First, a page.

Exploring the Link Between Housing Stability and Mental Health

May 28, 2024 - (6 min read)

By Mia Chapman

Millions of people in the United States living with mental health challenges face barriers to finding and maintaining stable housing. Mental health encompasses emotional, psychological, and social well-being, and mental health illnesses are some of the most common health conditions across the country. There are myriad causes of mental health illnesses and challenges, however, there is evidence that the accessibility of stable and affordable housing can improve mental health. As much as the benefits of stable housing can help uplift mental health, the repercussions of a lack of stable and affordable housing can exacerbate mental health challenges. This is a trend identified among both renters and homeowners, with similar mental health repercussions reported on those experiencing mortgage strain.

Repercussions of Unstable Housing on Mental Health

A recent study reported that individuals with mental health challenges are at-risk of experiencing exacerbated mental health symptoms as a result of housing instability. With the growing housing affordability crisis, individuals and families experiencing high cost burdens are numerous. Those experiencing long-term housing affordability stress report significant negative effects on mental health related to social, emotional, and mental functioning.

The eviction process has also been found to have serious mental health repercussions on renters. In the two years following an eviction, people were more likely to visit the emergency room or require hospitalization for a mental health condition (compared to those who had not experienced an eviction). Eviction is more common among low-income tenants and disproportionately affects renters who are black, indigenous, and people of color (BIPOC).

Reducing cost burdens and long-term affordability stress can help alleviate less-severe mental health challenges. Those experiencing serious mental illnesses may find it significantly more difficult to access stable housing; the number of Fair Housing complaints related to mental illness and disability has in recent years. Furthermore, many people with serious mental illnesses rely on Social Security Insurance (SSI) and Social Security Disability Insurance (SSDI) payments, making many housing options unaffordable. Individuals experiencing chronic unsheltered homelessness also experience daily struggles and face emotional tolls of exposure to the elements, difficulty meeting basic needs, and a lack of economic opportunity.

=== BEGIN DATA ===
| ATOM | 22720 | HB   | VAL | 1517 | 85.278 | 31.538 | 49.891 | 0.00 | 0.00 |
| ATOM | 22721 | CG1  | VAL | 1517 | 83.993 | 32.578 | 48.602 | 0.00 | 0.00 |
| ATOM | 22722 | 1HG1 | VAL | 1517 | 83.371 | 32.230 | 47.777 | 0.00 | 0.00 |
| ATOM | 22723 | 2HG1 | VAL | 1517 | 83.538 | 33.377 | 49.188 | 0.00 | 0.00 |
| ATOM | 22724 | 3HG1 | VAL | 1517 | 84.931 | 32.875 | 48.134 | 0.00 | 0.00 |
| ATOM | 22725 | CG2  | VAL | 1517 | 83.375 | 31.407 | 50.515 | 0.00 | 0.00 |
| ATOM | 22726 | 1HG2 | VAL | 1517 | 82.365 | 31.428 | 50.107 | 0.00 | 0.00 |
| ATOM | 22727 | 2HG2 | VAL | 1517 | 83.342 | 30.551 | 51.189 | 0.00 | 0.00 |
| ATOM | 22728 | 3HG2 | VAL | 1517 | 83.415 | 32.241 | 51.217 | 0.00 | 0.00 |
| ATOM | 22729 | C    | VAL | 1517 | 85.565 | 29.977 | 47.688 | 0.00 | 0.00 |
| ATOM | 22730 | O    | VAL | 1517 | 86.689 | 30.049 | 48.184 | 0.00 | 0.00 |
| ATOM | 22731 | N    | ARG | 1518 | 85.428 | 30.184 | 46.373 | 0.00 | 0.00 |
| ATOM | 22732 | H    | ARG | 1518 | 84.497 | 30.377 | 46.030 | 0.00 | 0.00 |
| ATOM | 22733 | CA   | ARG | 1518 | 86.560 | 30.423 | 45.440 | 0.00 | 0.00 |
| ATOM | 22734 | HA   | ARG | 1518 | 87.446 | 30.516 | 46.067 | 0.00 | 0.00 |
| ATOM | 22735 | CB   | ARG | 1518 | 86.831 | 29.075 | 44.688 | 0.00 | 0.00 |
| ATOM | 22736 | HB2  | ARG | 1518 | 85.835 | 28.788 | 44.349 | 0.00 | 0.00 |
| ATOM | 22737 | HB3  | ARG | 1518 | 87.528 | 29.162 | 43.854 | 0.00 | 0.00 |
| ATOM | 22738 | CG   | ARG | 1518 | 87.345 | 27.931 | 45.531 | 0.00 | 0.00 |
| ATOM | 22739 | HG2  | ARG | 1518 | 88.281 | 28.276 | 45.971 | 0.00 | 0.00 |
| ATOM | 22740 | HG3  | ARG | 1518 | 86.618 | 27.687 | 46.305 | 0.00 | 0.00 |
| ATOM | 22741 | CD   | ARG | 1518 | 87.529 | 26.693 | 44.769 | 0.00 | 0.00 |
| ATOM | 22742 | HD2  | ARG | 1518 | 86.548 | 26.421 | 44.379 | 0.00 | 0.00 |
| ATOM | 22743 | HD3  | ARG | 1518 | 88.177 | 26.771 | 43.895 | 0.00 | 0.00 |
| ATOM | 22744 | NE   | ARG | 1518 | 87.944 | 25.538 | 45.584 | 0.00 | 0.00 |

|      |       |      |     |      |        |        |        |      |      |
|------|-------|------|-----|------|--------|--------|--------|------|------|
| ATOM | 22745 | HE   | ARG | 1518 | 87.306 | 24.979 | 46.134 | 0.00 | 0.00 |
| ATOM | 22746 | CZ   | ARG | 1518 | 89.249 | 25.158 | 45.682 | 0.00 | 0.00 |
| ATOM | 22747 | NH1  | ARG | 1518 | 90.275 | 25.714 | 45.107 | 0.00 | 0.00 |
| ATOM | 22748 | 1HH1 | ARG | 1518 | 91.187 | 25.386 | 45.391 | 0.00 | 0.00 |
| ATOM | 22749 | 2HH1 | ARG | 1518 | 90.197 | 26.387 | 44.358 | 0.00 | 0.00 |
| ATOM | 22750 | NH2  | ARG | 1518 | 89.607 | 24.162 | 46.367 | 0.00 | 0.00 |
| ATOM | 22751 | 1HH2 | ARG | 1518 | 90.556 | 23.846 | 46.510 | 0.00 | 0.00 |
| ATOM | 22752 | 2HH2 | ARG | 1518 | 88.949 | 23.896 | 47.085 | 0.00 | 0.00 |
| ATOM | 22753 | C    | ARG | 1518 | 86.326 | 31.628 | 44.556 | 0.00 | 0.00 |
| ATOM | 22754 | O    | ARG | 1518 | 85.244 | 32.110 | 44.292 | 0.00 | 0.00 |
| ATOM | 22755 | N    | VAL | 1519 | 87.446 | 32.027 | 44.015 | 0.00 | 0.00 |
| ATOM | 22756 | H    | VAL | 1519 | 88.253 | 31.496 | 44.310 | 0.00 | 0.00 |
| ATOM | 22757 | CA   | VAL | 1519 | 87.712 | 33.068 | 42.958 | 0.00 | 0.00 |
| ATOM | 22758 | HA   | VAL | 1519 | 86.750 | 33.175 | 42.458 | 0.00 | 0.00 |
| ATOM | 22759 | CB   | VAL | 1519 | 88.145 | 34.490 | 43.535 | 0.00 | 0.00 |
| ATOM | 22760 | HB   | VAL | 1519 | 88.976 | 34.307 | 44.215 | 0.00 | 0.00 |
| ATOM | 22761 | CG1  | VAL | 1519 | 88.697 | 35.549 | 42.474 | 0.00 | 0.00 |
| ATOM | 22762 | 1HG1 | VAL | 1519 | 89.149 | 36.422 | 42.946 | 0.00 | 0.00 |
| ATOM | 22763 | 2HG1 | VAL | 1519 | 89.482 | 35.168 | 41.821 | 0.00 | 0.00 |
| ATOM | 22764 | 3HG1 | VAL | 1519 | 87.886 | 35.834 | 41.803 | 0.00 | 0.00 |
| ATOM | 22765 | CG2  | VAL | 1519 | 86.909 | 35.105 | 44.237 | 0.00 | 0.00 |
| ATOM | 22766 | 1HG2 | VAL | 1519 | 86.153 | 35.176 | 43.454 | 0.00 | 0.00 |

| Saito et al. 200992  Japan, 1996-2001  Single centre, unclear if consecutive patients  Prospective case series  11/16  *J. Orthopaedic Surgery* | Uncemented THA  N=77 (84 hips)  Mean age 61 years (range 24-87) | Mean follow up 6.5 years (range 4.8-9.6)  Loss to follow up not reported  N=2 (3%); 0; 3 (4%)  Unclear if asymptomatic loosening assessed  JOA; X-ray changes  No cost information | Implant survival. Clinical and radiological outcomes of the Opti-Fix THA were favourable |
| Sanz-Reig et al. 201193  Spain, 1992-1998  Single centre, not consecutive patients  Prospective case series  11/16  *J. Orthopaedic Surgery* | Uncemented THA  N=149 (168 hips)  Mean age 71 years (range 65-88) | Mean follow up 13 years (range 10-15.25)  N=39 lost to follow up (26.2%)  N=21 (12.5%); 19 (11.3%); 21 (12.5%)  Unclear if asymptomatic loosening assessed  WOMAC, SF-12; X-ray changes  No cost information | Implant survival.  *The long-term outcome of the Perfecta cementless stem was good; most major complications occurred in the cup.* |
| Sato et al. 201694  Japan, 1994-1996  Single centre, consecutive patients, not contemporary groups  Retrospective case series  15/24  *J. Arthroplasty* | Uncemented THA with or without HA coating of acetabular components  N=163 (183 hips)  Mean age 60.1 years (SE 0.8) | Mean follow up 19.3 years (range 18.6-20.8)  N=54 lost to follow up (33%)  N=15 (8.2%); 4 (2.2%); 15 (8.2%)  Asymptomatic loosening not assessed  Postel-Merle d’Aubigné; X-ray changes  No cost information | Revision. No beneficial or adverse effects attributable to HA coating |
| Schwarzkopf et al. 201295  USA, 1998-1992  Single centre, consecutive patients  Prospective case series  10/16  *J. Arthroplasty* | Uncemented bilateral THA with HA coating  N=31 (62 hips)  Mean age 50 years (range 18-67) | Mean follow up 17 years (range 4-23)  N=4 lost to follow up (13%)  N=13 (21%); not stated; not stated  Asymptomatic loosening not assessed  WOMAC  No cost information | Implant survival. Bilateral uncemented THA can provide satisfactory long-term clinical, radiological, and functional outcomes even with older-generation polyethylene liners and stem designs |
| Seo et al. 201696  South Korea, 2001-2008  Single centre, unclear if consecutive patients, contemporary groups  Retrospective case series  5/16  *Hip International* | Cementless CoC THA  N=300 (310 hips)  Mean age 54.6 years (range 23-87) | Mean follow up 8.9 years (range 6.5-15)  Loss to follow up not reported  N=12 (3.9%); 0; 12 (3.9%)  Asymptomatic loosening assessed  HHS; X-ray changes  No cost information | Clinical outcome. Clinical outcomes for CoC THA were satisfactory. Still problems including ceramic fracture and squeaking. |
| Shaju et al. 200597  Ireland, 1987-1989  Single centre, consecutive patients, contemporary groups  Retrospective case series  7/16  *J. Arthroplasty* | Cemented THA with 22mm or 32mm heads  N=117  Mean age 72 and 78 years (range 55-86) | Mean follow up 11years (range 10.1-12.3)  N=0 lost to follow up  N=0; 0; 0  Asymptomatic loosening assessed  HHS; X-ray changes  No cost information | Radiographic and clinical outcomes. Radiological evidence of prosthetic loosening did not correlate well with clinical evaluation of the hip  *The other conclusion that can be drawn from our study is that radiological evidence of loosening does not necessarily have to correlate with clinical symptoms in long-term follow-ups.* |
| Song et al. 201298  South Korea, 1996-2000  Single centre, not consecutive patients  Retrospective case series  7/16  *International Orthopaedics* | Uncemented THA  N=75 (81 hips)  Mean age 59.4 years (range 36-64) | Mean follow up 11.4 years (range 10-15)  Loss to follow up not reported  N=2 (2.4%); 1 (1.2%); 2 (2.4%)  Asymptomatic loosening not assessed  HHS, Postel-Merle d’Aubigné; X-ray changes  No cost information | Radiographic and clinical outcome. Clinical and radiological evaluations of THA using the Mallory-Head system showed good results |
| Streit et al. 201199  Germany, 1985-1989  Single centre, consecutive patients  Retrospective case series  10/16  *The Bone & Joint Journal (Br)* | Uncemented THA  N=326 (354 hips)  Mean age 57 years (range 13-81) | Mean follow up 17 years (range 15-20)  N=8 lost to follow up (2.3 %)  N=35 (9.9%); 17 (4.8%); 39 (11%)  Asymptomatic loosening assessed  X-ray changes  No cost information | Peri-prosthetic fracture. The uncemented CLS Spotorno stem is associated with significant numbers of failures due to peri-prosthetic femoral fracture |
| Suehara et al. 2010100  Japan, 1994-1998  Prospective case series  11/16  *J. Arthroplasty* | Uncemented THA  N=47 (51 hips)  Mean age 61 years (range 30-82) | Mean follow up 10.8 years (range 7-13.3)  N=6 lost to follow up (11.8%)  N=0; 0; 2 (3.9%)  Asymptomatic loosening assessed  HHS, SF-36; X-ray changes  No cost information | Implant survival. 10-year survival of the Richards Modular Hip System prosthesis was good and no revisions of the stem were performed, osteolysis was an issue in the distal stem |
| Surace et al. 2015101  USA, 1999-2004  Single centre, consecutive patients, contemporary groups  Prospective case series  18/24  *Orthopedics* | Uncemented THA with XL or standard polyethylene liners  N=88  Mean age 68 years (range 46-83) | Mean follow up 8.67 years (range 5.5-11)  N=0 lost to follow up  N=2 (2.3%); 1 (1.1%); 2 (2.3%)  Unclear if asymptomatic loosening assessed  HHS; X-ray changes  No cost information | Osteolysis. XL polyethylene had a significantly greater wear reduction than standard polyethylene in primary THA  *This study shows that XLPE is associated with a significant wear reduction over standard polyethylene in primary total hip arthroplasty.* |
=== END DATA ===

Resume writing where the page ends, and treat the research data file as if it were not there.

While mental illness does not cause homelessness, the experience of homelessness exacerbates mental health conditions and symptoms of mental illness.

Source: National Library of Medicine

Policies and Programs to Support Mental Health Through Housing

There is an array of federal policies and housing programs that aim to support mental health through the provision of housing or related funding and services. The American Rescue Plan Act (ARPA) of 2021 and the Emergency Rental Assistance (ERA) program have helped provide rental assistance to state and local program grantees to support those in need. State and local governments have used State and Local Fiscal Recovery Funds (SLFRF) provided through ARPA to distribute additional rent, mortgage, or utility assistance to more than 700,000 households and provided eviction prevention services to more than 100,000 households in 2021.